- A bourbon mash must be made. Get started by getting the grains ready. The first step is to ground them into a powder before adding water. A hammer mill or rolling mill may be used by some manufacturers. The next step is to activate the grain’s enzymes so that the starches may be broken down. This requires repeatedly grinding them between three and four times. See our mash recipe above.
- The grains are roasted, releasing even more enzymes. Alpha amylase is the name of one of these enzymes. The starches in the mash are converted into sugar using this enzyme.
- You probably already know that sugar is required for the fermentation of any alcoholic beverage.
- Malted barley, in particular, is a staple in any bourbon mash bill because it contains a naturally occurring enzyme called Amylase.
- Malted barley should be introduced as the last grain and the temperature should be lowered.
- While waiting for the mixture to reach a near-boiling temperature, stir it occasionally. Check the temperature of your mash using a thermometer and take it off the fire just before it boils.
- Brewers name the resulting liquid, wort, because of its sugar content.
- This is when the fermentation process for bourbon departs from that of other alcoholic beverages. The whole mash is dumped into the fermentation vat as opposed to filtering it and collecting only the wort.
- All of them, are both liquid and solid.
- The sour mash and distiller’s yeast are combined at this point.
- Set-back, or sour mash, is the remaining mash from the distillation process before. Because of its sour flavor and properties, it was given that moniker.
Do We Need It?
The pH of your ferment is an important factor in the success of your bourbon fermentation. The acidity of sour mash inhibits bacterial growth, allowing yeast to flourish in the mash.
Some bottles of bourbon may still have the words “sour mash” written on them. At first, this is a major selling point. These days, however, the sour mash is used in almost all bourbon production, and this has become a major selling point for most brands.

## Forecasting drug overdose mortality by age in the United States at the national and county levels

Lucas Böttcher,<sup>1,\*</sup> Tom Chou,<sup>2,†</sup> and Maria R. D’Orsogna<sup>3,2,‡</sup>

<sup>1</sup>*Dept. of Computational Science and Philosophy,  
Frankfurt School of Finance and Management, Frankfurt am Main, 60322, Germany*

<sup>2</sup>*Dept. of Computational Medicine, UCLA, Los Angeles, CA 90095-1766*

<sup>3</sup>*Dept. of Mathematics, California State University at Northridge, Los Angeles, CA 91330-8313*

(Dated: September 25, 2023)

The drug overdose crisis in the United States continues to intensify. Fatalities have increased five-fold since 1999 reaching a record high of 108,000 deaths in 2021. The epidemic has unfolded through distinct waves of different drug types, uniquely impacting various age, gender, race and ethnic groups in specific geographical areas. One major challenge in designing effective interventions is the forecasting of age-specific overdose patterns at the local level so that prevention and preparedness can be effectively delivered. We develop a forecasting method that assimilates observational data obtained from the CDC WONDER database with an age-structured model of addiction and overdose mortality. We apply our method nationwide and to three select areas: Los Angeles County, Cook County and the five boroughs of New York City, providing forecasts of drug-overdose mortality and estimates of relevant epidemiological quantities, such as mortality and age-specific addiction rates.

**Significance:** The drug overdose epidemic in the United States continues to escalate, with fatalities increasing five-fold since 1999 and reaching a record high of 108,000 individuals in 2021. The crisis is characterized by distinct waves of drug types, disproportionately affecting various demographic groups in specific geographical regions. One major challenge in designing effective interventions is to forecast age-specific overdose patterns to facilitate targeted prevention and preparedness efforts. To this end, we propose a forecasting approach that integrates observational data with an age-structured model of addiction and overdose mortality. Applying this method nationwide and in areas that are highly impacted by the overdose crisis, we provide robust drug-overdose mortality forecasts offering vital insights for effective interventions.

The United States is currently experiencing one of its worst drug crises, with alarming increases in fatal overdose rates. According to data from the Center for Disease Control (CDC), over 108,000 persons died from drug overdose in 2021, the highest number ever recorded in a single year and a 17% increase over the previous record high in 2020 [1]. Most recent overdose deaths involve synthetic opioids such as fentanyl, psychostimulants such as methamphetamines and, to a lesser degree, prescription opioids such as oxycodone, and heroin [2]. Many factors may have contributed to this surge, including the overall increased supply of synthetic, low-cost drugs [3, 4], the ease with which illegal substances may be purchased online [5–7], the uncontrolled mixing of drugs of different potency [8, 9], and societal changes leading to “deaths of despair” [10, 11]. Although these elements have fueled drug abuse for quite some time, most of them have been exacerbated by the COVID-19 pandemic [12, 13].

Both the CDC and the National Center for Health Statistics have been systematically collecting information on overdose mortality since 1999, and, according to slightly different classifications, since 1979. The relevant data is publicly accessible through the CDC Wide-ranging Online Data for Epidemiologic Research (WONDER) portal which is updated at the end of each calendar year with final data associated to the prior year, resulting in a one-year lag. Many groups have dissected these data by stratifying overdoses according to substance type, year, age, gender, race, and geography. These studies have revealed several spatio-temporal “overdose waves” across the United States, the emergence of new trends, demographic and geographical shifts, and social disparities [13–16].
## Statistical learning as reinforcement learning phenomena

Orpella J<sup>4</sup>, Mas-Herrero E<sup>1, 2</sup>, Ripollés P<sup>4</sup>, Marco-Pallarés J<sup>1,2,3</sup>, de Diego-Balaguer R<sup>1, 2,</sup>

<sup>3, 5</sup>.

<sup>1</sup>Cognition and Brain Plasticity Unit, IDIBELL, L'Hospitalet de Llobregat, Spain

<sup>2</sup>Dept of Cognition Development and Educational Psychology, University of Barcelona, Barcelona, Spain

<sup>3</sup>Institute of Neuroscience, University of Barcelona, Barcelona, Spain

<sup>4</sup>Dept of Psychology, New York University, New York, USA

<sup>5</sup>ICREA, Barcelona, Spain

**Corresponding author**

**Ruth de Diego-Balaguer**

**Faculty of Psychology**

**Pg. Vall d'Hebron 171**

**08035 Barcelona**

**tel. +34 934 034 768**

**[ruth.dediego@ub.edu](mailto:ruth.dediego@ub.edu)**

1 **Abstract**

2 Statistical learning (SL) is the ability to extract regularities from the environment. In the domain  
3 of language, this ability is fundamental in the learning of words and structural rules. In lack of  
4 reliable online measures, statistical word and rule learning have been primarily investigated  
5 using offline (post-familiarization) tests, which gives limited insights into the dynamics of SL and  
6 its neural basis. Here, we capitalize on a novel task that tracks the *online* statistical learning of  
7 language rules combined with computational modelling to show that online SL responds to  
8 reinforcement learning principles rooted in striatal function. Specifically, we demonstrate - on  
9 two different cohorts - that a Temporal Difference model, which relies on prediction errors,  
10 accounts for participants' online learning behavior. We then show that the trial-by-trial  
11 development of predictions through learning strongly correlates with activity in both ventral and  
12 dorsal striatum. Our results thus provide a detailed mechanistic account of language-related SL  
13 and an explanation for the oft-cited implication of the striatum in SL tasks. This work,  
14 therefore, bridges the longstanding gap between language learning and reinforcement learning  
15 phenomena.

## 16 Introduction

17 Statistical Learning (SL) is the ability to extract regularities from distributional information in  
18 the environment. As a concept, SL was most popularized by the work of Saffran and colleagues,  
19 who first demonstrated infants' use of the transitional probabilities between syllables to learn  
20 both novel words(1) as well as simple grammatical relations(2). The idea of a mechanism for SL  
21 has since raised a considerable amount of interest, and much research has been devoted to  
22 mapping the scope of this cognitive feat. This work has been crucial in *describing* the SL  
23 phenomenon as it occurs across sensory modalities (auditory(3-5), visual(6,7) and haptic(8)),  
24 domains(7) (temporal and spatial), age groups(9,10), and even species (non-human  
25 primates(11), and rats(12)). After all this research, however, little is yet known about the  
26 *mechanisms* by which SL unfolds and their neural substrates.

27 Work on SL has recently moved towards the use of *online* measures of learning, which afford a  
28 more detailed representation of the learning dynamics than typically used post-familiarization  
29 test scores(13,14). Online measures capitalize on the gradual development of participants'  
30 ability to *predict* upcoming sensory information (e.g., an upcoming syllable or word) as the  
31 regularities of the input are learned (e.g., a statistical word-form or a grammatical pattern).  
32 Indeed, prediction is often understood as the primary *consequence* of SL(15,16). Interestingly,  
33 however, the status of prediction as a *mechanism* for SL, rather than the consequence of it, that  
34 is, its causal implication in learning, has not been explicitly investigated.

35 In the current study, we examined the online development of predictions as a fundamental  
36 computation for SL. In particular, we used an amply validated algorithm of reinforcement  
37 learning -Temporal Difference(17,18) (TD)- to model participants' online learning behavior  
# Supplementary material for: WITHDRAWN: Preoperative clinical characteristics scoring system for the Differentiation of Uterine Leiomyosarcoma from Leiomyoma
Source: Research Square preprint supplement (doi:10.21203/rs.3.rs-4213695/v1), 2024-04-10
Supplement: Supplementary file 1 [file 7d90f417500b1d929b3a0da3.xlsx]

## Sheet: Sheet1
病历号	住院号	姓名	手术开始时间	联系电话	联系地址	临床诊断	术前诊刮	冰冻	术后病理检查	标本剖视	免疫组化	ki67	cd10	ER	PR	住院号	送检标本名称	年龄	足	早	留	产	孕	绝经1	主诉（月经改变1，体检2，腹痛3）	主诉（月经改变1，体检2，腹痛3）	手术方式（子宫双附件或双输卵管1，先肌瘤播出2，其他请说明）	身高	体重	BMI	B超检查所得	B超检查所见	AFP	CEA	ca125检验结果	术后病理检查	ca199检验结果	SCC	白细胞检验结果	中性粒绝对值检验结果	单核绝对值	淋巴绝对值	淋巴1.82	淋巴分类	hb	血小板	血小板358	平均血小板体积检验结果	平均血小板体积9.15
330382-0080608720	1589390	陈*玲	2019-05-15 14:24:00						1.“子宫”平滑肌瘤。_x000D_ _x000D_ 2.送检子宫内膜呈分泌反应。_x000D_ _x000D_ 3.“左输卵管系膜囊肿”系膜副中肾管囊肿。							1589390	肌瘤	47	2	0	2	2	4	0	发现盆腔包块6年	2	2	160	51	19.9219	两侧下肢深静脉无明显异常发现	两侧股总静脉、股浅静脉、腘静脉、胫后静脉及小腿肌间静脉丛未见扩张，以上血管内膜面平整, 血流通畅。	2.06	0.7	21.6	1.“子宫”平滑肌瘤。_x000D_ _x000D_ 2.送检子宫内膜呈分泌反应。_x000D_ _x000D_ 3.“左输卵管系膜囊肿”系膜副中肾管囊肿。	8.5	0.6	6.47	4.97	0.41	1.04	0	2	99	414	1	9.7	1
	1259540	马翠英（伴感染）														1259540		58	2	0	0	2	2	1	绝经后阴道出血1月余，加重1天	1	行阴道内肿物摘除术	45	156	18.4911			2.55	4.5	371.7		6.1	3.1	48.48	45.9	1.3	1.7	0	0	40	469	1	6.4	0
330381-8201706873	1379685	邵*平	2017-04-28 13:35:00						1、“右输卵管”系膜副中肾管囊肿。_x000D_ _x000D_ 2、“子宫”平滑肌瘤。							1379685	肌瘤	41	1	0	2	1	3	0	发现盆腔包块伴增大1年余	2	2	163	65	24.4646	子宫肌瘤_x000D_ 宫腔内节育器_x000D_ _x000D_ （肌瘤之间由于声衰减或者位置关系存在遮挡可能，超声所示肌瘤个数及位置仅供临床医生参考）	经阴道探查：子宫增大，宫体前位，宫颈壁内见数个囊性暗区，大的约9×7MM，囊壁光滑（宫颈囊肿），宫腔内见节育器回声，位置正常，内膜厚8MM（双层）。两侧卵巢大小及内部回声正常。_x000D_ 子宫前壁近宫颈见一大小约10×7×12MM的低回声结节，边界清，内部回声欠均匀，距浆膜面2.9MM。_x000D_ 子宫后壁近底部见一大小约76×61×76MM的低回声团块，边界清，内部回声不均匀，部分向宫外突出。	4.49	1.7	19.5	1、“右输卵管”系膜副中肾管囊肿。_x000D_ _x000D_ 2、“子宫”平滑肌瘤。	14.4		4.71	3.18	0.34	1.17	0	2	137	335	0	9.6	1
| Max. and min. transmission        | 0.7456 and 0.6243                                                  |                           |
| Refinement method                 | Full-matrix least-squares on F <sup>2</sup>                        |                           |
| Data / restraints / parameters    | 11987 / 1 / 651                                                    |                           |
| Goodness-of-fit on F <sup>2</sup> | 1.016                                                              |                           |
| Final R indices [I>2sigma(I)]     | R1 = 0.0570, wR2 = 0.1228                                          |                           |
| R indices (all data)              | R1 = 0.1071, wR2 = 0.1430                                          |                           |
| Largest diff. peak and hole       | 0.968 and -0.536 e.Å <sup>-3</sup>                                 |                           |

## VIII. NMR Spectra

Hops Were Commonly Used to Filter Impurities Out of Bourbon Mash
Once the yeast has been added, the wort must be left alone to ferment. When fermenting bourbon, it’s important to keep a few things in mind.
The First Consideration is the Yeast Variety
You may speed up the bourbon fermentation process by using turbo yeast. It’s also important to think about the ambient temperature when fermenting bourbon. The fermentation process accelerates at higher temperatures. It will take more time if the room temperature is low. Your ferment may turn out differently depending on how much sugar you use. It will take longer to ferment if, for some reason, there is more sugar than usual.
After 18 to 48 hours have passed after the yeast has been added, you can taste the liquid to confirm that fermentation has commenced. Air bubbles or pockets should be rising to the airlock. That means the yeast is alive and well, and fermentation of the wort has begun.
What if There Aren’t Any Air Pockets?
That may indicate that fermentation has failed to occur. In that scenario, make sure the container’s lid seals completely to prevent any air from escaping. The wort can ferment for 14 days if there are no signs of trouble.
Filter the Mixture
If the bubbler stops producing bubbles after two weeks, the fermentation process is likely to be complete. The bourbon needs to be strained to remove the sediment. Bourbon is made from a liquid component, which is now called ethanol.
Embrace the Craftsmanship
With your increased expertise, you’re prepared to try your hand at distilling your bourbon. You have the power to make something truly special and satisfying by striking a balance between exactness and exploration. Discover the brilliant workmanship that goes into a bottle of real bourbon on your journey into the realm of distillation.